Q: What happens to the Cold Sore Virus once it enters through the skin?
After getting a cold sore, a scab forms and the skin heals, usually with no residual scar. During primary infection, and in subsequent recurrent infections, the virus invades the body and infects skin cells. After first infecting a skin cell, the infection continues from cell to adjacent cell until the virus finds its way to the sensory nerve cells that supply that area of skin and surrounding area. The virus infects the nerve and goes to sleep. Later, triggers wake it up and the re-infection process begins. In this way the virus becomes a permanent resident of the body
Here is how the process works in detail. The HSV-1 virus consists of viral DNA that is encased in lipids (fat). During the primary infection, the virus infected many skin cells of the lip and eventually infected enough skin cells to find the end of sensory nerves known as a terminal neuron. This is the part of the nerve that feels. The herpes virus sheds its coat and enters the nerve by going through the terminal neuron. It then migrates up the shaft of the nerve and finally goes latent (goes to sleep) in the nerve cell body. Clusters of sensory nerves all terminate in what are known as ganglion. During the infection process, countless nerves are infected.
When the virus wakes up due to one or more stimulating triggers, it exactly reverses the path it took and reassembles a lipid coat as it exits the terminal neuron. The virus then infects a nearby cell in the lip, multiplies itself using cellular material stolen from the host cell, kills the host cell, and then these new viruses go on to infect more adjacent cells until the infection results in a lesion.
Sometimes the virus can wake up and not cause a lesion. In this case, the virus can still pass through the porous skin surface or into oral secretions with no symptoms at all. This is called asymptomatic shedding and is of course contagious. In reality, a person may have been exposed to the cold sore virus (HSV-1) without knowing it, be shedding the virus asymptomatically, and transmitting it unknowingly to others. The literature suggests that there is approximately a 5% chance of asymptomatic shedding at any given time. Your doctor has a blood test that can tell if you have been exposed to the herpes virus. Many tests are specific and can tell you if you have been exposed to HSV-1 or HSV-2 or both. There are also ways to test a lesion (before it scabs) to see what species of virus is present. Herpes is not an infection of the skin, but a viral nerve infection by way of the skin. It is not a skin infection, but a nerve infection.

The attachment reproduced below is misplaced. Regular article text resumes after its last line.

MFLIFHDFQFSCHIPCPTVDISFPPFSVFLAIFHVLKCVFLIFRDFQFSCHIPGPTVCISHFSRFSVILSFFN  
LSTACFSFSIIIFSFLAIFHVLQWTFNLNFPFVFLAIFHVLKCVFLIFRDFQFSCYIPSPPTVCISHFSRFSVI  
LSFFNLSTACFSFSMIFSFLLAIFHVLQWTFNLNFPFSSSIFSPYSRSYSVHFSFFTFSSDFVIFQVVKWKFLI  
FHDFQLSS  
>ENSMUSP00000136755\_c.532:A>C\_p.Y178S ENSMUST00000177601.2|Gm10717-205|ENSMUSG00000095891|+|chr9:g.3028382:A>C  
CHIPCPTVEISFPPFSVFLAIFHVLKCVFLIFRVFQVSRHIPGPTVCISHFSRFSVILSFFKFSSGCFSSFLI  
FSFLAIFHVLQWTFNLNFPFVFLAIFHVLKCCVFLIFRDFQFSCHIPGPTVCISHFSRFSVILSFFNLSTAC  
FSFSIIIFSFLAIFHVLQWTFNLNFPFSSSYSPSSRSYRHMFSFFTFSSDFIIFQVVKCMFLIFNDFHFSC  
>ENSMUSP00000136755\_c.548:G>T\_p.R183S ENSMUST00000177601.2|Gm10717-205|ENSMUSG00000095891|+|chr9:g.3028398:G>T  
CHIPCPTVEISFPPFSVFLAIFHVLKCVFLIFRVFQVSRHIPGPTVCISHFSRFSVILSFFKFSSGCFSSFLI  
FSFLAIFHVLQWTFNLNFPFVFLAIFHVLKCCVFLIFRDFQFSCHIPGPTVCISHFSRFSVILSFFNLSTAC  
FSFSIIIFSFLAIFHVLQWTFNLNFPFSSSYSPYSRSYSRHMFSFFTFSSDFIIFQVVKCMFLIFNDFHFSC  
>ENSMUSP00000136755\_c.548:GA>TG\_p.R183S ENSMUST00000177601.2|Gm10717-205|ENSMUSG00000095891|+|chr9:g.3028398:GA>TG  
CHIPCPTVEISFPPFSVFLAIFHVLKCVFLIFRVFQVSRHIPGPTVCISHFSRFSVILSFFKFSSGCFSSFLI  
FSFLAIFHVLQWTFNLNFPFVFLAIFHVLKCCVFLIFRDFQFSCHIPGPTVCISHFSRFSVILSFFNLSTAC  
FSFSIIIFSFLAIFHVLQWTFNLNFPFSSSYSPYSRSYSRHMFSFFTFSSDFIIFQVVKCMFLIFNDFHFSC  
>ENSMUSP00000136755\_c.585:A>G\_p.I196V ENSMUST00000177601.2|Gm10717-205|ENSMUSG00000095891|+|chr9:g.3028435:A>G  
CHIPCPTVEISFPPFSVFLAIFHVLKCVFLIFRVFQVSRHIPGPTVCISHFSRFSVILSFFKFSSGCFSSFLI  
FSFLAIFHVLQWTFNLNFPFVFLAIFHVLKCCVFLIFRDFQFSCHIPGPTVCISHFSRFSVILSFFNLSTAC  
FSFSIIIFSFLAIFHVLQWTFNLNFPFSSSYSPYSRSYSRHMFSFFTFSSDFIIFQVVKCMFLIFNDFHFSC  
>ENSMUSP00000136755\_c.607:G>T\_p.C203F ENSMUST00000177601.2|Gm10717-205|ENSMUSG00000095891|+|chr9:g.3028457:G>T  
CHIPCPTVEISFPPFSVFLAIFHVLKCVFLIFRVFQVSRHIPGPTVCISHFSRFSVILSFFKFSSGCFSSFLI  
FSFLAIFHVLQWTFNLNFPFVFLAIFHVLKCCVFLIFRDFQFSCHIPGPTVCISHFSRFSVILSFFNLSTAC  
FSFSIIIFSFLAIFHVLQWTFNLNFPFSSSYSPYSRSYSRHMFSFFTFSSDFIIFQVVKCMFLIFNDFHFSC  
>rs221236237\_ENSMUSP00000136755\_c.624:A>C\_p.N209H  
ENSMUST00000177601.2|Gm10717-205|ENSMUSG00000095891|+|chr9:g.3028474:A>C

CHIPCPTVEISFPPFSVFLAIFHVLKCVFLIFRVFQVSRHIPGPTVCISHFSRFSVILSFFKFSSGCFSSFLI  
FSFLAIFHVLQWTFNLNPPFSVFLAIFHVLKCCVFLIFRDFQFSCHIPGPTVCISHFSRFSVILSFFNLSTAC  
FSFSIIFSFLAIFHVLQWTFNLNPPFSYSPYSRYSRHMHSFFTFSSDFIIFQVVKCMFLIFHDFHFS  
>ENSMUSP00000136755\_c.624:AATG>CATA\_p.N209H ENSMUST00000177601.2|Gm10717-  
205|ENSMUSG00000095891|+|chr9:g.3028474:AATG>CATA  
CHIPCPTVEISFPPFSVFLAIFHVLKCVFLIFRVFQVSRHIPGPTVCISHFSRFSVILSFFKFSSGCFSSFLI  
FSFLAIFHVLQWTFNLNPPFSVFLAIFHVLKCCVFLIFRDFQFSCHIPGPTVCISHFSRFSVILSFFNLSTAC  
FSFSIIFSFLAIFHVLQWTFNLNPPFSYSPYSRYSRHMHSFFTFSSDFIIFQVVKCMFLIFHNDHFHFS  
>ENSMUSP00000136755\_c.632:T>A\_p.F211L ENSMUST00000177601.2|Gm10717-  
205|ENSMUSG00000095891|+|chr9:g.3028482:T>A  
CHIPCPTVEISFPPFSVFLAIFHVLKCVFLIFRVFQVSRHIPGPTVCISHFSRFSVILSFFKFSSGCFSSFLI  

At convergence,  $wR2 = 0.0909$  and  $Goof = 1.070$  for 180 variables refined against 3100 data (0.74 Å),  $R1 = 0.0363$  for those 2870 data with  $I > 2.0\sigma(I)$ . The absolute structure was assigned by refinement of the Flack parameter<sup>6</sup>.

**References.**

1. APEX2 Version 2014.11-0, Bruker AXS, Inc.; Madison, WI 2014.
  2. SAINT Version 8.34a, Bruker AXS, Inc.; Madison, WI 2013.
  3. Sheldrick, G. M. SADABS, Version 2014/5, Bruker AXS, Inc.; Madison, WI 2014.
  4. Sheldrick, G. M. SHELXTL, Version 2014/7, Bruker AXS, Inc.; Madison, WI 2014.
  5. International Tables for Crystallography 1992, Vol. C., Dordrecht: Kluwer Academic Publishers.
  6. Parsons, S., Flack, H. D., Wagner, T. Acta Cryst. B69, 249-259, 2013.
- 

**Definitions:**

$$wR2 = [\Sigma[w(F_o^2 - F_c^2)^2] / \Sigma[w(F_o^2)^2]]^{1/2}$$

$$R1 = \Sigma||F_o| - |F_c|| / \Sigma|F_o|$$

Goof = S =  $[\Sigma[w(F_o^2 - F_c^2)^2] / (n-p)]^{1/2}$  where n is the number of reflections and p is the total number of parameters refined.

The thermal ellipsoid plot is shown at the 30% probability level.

In summary, the Herpes virus is a DNA virus that migrates up the nerve endings located in the skin to the nucleus (brain) of the nerve located in the cervical area of the spinal cord. It is here where the viral DNA get incorporated into the nerve DNA. This blended nerve milk shake now become a manufacturer of viral particles and is irreversibly permanently altered. An outbreak occurs when the viral particles migrate down the nerve to the skin causing blistering and ulceration. If there is not enough viral particles released for the skin to blister, the area may become reddish, itchy or even appear completely normal and asymptomatically shed the virus.
Q: What can be done to prevent Cold Sores from spreading?
The cold sore virus (HSV-1) is very sensitive to soap and warm water. If you have a lesion, the best way to help prevent spread of the virus is frequent hand washing with soap and warm water. To prevent infecting others, kissing and intimate contact should be avoided while any symptoms of an active cold sore lesion are present. Take care to avoid touching the sores and spreading the virus to new sites (auto-inoculation) or socially touching others. Another important way to help prevent the spread of cold sores is to treat the cold sore with a cold sore medicine in order to shorten the time that it is contagious. Some literature recommends when fever blisters erupt, each cluster of blisters should be popped, dried and be kept clean to prevent bacterial infections. A soft, bland diet is recommended to avoid irritation and allow the ulcers to heal.